17 Web Design Trends That Will Take Over 2017

Designers working on web projects in 2017, in some ways, face more challenges than ever before. They have to create engaging websites, apps, and services that work seamlessly across all devices and work for a global audience at a pace that seems to speed up every year. That audience too is more tech savvy, have higher expectations and are more design literate than ever before and expect near perfection. Faced with these challenges, it’s more important than ever for designers to be aware of emerging trends, solutions and patterns that can help them solve common issues, capture the full attention of their audiences, and deliver amazing experiences.

Here at ZURB, we’ve helped hundreds of companies surface the best solutions and take advantage of new patterns in their websites and products. We’ve created this list of 17 design and development trends we think every designer should be familiar with to shape their 2017 and well beyond.

(In no particular order…)

1. Brutalism

Taking its name from the architecture style of the 60’s and 70’s, Brutalism in design consists of bold, in-your-face collages of text and images, where anything goes. Echoing the web from yesteryear, Brutalist sites often employ simple markup, inline styles, and harsh colors and gradients. Some even argue that Instagram’s new(er) gradient logo could be classified as Brutalist, with it’s 90’s esque neon colors and gradient design.


Pascal Deville, an authority on the Brutalism trend, and founder of brutalistwebsites.com defines the movement as this:

‘In its ruggedness and lack of concern to look comfortable or easy, Brutalism can be seen as a reaction by a younger generation to the lightness, optimism, and frivolity of today’s web design.’

But not all Brutalist websites are an all out attack on the eyes. A few sites like Bloomberg News and TheOutline.com borrow from the aesthetic while adding a level of polish not typically seen in most sites.

We think designers can use Brutalism to set their site apart from the rest with bold color choices, large typography, and layouts that break away from the common hero-image-then-3-up pattern.

2. Large Screen Design

When most people think of responsive web design, they think of shrinking a website down from a desktop to something that looks great on a tablet or mobile phone. But this is ignoring a growing segment of users, those that have large scale monitors. Yes, while mobile has certain exploded in popularity over the last ten years, so has extra large monitors with ever increasing pixel densities. The problem is that most focus has seemed to be on the smaller side of the spectrum with, few sites truly catering to their large screen users. By looking at your data, you may find that the majority of your users, or at least you’re converting users are on displays of 1920x1080 or higher. There are a lot of cool and creative ways to use that kind of screen real estate and clever designers are not afraid to go big.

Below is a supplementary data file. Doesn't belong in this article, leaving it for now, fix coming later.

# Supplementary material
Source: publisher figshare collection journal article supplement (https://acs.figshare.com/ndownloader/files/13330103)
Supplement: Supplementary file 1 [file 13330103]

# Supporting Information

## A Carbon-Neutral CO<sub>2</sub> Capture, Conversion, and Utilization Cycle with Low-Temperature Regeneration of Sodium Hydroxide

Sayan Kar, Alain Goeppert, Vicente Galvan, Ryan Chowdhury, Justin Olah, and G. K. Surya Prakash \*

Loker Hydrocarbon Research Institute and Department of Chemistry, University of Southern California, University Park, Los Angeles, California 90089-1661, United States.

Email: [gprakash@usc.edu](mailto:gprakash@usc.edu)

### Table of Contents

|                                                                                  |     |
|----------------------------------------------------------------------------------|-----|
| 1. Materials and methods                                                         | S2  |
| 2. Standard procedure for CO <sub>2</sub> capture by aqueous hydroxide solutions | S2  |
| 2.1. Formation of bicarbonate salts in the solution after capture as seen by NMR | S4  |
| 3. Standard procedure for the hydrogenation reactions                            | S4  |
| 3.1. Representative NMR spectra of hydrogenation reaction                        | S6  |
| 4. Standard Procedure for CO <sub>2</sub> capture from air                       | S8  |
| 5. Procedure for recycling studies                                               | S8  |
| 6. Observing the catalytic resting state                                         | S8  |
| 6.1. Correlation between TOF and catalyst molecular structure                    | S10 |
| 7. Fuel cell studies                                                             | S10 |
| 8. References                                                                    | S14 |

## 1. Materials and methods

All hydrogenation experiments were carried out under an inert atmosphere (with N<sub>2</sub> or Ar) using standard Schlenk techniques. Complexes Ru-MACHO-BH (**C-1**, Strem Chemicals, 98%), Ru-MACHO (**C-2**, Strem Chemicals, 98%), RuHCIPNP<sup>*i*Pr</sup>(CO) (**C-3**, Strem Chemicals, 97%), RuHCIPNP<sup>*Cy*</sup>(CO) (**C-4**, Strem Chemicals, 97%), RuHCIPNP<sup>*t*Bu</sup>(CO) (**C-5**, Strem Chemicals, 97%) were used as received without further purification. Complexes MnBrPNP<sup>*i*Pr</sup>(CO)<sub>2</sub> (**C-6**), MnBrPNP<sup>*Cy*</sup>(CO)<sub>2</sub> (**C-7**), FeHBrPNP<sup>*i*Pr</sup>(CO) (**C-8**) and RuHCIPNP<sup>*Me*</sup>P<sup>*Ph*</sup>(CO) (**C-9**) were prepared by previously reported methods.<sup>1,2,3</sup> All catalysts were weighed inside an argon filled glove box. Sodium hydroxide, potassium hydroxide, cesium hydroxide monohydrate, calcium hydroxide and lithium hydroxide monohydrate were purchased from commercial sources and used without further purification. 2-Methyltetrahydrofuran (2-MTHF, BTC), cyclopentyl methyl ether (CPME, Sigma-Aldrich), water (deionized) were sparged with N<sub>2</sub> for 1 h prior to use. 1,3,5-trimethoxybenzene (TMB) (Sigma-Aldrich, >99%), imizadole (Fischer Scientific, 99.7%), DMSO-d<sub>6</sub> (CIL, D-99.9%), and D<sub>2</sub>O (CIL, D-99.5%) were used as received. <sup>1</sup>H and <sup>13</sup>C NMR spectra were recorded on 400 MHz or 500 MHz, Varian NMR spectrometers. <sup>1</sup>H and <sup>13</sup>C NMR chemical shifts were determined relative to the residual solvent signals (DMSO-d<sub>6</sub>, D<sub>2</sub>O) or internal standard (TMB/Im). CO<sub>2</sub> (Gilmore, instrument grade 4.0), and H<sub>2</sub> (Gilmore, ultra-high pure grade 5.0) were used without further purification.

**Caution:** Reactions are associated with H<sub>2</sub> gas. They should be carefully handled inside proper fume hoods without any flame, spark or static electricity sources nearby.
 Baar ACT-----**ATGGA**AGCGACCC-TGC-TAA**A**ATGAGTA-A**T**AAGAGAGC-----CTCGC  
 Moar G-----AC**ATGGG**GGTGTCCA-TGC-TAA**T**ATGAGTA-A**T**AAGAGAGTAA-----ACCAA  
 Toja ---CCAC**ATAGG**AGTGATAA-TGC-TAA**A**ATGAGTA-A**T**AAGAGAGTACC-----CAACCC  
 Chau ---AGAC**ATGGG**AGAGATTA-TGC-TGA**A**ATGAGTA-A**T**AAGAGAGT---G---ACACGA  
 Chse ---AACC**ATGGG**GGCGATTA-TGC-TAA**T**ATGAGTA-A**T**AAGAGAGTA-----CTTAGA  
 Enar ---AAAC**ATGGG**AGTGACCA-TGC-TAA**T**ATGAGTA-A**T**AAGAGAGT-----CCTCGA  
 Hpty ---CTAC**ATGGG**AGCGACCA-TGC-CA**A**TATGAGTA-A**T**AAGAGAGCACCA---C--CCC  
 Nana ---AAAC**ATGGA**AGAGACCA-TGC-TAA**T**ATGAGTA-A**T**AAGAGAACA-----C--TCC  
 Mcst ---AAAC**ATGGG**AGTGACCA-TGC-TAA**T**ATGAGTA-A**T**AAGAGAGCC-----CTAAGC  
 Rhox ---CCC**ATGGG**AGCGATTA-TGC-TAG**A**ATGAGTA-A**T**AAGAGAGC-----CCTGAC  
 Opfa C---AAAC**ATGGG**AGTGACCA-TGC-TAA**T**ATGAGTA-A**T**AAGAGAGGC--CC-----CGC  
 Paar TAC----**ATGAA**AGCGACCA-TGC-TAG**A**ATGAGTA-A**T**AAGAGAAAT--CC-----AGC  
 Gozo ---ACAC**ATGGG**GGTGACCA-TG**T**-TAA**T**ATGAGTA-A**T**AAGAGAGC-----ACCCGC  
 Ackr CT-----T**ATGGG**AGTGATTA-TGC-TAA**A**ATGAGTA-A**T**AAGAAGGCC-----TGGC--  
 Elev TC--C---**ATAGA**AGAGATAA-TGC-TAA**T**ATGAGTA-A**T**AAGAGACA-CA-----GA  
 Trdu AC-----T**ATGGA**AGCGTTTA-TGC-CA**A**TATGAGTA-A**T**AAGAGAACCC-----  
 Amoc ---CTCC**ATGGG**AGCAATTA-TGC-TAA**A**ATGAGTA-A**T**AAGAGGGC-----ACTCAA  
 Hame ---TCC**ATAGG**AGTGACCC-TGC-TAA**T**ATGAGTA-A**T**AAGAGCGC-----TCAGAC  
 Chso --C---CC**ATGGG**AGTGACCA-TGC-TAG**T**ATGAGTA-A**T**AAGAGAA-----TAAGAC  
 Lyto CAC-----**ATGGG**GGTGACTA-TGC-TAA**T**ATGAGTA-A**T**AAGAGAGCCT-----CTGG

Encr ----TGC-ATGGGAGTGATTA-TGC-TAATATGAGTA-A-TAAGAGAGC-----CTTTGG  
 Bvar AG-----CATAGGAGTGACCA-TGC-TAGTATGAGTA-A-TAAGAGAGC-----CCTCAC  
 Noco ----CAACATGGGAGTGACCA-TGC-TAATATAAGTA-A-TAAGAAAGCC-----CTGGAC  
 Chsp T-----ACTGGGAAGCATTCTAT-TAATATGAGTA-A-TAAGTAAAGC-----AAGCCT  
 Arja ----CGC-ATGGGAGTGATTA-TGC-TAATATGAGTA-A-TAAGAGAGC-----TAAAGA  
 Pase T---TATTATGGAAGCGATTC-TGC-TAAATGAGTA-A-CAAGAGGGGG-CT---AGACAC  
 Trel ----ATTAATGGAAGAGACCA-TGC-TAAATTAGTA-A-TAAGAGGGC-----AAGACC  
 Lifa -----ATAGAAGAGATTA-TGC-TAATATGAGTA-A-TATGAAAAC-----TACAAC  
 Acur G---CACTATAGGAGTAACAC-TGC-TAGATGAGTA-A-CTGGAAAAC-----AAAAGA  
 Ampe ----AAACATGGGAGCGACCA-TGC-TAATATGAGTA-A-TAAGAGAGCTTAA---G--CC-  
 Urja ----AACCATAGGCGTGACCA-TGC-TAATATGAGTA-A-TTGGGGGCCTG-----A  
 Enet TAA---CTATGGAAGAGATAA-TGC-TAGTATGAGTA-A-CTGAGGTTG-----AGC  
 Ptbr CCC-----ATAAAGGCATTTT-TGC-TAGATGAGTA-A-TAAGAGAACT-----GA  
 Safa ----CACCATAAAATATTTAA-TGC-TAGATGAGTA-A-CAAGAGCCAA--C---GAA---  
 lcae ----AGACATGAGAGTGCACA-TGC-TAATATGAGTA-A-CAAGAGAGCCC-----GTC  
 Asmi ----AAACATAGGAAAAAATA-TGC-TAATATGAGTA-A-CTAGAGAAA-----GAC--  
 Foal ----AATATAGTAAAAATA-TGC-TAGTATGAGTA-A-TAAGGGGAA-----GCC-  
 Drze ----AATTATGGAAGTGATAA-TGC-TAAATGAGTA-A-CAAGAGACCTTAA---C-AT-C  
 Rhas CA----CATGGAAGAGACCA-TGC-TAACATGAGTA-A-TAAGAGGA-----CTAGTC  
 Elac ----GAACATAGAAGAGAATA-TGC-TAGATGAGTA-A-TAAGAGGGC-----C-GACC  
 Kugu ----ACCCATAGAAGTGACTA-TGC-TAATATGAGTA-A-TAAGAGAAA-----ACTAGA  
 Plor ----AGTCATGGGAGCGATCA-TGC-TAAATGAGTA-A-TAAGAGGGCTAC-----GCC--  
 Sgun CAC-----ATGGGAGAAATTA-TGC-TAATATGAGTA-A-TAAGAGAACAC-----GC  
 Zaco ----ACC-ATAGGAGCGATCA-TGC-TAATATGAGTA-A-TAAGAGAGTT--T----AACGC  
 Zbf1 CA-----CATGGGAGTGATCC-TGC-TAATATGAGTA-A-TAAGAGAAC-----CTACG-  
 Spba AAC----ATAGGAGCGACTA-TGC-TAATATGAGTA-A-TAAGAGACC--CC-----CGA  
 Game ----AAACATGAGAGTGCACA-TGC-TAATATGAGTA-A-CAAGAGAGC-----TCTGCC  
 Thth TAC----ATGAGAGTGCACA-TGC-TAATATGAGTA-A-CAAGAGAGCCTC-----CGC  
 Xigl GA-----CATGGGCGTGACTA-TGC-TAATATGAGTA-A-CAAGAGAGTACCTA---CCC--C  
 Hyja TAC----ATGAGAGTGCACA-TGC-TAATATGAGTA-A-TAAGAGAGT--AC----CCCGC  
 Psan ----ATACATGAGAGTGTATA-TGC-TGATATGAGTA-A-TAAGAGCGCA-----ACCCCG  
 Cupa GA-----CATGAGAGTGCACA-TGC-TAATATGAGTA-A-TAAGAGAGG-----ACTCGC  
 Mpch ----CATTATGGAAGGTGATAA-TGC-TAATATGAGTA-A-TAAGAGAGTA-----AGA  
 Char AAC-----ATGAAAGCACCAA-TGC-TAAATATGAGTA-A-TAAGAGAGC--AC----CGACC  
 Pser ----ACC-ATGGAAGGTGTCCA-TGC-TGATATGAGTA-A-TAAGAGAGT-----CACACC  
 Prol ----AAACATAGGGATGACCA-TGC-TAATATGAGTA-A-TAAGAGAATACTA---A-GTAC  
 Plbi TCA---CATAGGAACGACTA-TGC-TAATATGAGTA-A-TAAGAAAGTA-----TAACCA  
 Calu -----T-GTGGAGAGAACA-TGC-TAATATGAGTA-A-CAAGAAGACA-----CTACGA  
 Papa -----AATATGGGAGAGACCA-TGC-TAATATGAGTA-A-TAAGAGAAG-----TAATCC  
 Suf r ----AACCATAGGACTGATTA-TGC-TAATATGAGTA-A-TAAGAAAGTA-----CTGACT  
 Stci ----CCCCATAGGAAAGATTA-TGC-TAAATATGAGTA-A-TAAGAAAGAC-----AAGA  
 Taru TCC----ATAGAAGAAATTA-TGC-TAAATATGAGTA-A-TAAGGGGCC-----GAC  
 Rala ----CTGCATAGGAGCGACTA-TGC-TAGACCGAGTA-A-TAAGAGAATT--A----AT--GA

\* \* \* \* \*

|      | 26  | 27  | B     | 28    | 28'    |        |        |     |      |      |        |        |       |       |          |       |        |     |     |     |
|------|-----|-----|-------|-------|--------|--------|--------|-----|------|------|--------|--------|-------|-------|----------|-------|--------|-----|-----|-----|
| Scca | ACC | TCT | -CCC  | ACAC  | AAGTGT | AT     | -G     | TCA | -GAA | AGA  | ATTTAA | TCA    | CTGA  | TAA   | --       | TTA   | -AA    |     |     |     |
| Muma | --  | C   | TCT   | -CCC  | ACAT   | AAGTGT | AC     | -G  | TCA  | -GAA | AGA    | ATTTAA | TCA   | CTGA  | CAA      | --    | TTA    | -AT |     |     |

We think designers should be well acquainted with the data and know exactly who their audience is and what equipment they’re on. By using techniques like resolution independent SVG’s, bold typography, and serving up either high or low resolution photos with JavaScript, they can deliver a rich experience for everyone, even those with massive screens.

  • SVG’s are perfect for large screen design because they are scalable, resolution independent, have small file sizes and are supported by most browsers. Here are 10 resources to learn more about them.
  • Targeting SVGs with CSS allows you to do cool things like using media queries to hide and reveal parts of an image by screen size. Check out our lesson to learn the basics.
  • The Interchange component in Foundation uses media queries to load the images that are appropriate for a user’s browser, making responsive images a snap. It decreases the load times for mobile users while still serving the bigger content to your visitors with higher screen resolutions. Learn how to use it.

3. Responsive Components

It’s been nearly 8 years since Ethan Marcotte introduced the concept of responsive web design to the world, and we’ve seen it develop at an incredible pace. There are new techniques and technologies on the horizon though, that are going to dramatically simplify the write of responsive elements and make today’s responsive sites look simplistic and naive. Some examples are element queries and the upcoming CSS-grid spec. These two technologies will enable web designers and developers to create experiences that are truly tuned to every device size. Element queries will allow creating components that are responsive based on the space allotted to them rather than the full screen size, while CSS-grid allows us to dramatically change layouts based on media queries.